earth pressures, cohesive soils creep continually. The movements
shown would produce active or passive pressures only temporarily.
Yith time the movements would continue if pressures remain constant.
If movement remains constant, active pressures will increase with time
and passive pressures will decrease with time .

• • •


_Dense sand, "'-4.:.•___________

______ ' Kp = 5.8 KI 8.0 j=t
Loose sand, "': 30· K ...... "
f-+6 · . ' \ 4.0 .

~IJ f~ '\

c 1 .
Active Movement

Passive Movement , \ \ + 1.0

Loose sand,4>= 30°, Ka =0 .33

0.12 - - - - - - - - - ­
I I I I I I I I I I I I ~ I I
0.049 0.025 0.009 0001 0 0.001 0.009 0.025
Fig.20 Relationship between wall movement and earth pressure for Ideal cases of walls that
are "wished" Into place.'

• • •

Note: Average K after compaction varies with

compaction procedure and height of wall.
8.0 j::E
Medium Dense Sand ~
4.0 +---i
ep =37°, Kp:: 4

/j :l
~ ~ 2.0
-c. Active Movement
K o :: 1.0 average
after compaction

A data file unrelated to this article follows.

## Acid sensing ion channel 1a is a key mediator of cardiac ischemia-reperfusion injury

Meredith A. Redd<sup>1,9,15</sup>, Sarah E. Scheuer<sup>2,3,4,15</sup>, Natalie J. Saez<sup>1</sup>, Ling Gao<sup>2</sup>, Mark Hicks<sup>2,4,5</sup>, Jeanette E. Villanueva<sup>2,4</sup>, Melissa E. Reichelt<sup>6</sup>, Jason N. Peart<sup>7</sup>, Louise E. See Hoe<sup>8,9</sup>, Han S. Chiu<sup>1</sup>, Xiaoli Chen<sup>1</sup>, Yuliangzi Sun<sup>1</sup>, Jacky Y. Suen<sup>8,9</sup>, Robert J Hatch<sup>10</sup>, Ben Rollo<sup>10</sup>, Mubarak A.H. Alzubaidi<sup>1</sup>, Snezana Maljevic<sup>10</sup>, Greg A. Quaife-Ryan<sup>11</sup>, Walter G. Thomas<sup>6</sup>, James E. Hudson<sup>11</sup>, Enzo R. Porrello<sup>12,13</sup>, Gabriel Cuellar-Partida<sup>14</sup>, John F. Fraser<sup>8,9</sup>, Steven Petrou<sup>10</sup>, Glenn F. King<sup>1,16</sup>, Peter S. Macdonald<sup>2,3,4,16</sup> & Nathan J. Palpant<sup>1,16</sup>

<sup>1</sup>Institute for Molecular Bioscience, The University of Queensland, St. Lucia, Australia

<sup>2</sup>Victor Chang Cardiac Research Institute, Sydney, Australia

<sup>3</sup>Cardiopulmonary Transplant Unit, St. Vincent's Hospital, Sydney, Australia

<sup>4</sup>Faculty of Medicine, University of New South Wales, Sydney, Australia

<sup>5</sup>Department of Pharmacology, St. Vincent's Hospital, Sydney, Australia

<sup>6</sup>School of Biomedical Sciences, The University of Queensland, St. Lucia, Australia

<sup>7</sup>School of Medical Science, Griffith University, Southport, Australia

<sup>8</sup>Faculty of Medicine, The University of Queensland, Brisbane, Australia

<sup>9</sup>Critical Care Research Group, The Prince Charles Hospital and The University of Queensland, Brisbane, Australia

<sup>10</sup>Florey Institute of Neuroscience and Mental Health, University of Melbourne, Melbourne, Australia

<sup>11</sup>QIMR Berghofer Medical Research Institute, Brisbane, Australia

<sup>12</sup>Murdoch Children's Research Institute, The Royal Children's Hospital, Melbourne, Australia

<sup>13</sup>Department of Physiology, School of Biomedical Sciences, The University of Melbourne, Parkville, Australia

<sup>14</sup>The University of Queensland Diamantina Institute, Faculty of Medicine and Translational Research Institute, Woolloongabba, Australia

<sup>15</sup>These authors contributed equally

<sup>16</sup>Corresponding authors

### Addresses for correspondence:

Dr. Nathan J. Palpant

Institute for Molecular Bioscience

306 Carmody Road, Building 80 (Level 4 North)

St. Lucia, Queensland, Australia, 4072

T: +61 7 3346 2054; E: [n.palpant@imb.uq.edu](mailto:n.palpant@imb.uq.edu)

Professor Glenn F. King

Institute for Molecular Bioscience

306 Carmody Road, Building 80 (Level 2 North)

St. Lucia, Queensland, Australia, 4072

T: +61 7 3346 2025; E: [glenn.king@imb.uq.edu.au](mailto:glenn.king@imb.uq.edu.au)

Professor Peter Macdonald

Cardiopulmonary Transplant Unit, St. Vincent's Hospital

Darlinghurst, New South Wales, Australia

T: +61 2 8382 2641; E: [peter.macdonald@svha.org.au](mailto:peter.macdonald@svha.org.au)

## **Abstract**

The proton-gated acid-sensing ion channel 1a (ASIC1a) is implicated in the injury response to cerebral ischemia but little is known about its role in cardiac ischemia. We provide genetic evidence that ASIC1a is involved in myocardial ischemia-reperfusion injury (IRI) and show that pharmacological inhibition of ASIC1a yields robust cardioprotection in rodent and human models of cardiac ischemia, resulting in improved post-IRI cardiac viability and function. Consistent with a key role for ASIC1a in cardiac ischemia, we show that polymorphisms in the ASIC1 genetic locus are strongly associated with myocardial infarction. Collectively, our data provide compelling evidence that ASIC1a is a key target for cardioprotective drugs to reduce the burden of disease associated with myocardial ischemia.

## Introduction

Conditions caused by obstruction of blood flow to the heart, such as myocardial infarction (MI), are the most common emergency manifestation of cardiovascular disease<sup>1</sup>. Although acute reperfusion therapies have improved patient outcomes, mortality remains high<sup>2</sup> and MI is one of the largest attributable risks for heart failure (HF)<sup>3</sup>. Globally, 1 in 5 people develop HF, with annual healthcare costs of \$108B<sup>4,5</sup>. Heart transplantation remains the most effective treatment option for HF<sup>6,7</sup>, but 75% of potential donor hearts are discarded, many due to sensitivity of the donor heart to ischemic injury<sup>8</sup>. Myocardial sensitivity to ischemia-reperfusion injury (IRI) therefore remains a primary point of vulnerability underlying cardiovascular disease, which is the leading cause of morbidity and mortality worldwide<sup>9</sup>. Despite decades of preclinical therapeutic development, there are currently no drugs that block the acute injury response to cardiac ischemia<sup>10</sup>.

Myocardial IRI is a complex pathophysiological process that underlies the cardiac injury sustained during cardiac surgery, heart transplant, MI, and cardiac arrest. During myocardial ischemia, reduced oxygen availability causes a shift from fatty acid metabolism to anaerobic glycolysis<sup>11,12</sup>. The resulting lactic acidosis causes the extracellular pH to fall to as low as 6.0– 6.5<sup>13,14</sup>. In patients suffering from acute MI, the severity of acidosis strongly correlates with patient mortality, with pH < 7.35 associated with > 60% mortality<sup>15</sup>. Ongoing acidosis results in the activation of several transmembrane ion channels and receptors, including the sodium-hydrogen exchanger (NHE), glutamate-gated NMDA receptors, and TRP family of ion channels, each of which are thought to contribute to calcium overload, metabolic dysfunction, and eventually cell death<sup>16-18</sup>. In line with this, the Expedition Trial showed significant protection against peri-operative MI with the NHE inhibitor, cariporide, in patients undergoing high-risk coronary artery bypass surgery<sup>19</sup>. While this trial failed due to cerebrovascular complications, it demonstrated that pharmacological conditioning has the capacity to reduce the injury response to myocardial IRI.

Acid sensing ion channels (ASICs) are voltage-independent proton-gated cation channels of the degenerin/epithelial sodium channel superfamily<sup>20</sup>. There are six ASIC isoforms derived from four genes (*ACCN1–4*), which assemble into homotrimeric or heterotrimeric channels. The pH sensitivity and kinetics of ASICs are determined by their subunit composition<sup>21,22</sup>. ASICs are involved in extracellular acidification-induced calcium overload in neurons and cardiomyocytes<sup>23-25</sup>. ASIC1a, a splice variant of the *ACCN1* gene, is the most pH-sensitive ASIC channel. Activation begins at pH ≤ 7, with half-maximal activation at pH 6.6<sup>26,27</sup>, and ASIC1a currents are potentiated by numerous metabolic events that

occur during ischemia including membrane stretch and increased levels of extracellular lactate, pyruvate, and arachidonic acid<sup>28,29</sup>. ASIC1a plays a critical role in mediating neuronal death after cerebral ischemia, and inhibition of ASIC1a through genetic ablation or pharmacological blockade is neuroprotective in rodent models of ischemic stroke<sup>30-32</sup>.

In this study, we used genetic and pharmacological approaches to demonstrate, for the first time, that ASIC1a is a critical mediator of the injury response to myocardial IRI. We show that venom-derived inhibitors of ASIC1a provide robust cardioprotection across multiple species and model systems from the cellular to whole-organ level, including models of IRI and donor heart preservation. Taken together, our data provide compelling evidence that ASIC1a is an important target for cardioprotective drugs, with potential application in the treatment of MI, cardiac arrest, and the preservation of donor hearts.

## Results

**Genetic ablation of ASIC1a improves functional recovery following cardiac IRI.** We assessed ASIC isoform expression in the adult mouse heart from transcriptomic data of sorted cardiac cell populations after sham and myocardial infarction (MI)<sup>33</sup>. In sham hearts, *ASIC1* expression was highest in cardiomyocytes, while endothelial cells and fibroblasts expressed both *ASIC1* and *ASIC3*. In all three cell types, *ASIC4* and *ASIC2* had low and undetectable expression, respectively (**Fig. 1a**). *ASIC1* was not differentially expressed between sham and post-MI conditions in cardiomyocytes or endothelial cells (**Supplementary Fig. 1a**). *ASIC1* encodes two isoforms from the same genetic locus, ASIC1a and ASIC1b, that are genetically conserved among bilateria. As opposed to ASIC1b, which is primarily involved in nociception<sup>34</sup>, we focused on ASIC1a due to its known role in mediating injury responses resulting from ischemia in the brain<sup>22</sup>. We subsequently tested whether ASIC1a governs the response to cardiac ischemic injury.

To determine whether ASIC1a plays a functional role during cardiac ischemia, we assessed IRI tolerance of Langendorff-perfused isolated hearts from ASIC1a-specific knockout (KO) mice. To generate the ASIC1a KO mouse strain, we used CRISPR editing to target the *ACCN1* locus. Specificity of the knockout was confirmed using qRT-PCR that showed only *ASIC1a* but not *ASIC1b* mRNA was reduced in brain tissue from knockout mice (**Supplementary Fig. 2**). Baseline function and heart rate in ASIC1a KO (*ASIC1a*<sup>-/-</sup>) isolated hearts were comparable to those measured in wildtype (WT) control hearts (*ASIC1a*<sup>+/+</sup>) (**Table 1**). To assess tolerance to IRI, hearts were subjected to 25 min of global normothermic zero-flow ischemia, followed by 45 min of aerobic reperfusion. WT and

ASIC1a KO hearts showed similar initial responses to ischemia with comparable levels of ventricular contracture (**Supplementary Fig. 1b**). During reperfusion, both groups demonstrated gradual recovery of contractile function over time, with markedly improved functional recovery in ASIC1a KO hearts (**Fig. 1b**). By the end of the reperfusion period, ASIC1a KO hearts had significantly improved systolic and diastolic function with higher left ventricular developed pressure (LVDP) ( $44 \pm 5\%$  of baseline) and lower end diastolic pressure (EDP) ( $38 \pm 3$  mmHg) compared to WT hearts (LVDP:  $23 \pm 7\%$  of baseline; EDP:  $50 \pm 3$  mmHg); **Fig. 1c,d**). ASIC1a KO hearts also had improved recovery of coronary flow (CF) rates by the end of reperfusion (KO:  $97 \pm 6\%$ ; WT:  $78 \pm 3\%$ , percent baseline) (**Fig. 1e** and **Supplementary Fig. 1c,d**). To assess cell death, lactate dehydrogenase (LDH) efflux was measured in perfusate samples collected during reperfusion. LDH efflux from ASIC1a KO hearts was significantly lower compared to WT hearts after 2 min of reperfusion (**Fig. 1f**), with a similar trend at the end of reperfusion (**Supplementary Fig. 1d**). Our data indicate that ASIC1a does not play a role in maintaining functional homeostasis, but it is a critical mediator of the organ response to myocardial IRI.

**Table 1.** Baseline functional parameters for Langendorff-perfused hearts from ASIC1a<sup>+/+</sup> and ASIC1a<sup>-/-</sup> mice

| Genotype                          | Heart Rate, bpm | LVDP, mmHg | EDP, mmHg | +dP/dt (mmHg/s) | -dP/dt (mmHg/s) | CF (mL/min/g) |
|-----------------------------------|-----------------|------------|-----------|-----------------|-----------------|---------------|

Passive Movement (example)
Ko= I-sin ep:: 0040 ~1
Ignoring effects :: 370
of compaction 0.25 K =0.25

I ~I I I I I I ,0.12
_---L.1 I I_I I I
0.049 0.025 0.009 0.001 0 0.001 0.009 0.025
Fig.21 Relationship between wall movement and earth pressure for a wall with compacted


Although the earth pressures exerted on structures and walls by the

adjacent backfill depend on soil-structure interaction, and are thus

influenced by a number of different factors, it is never-the-less possible

to estimate earth pressures with sufficient accuracy for most practical

• purposes without resorting to elaborate or complex analyses.

(1) ~ill the backfill be drained?

To estimate

earth pressures for design, the questions that must be answered are these: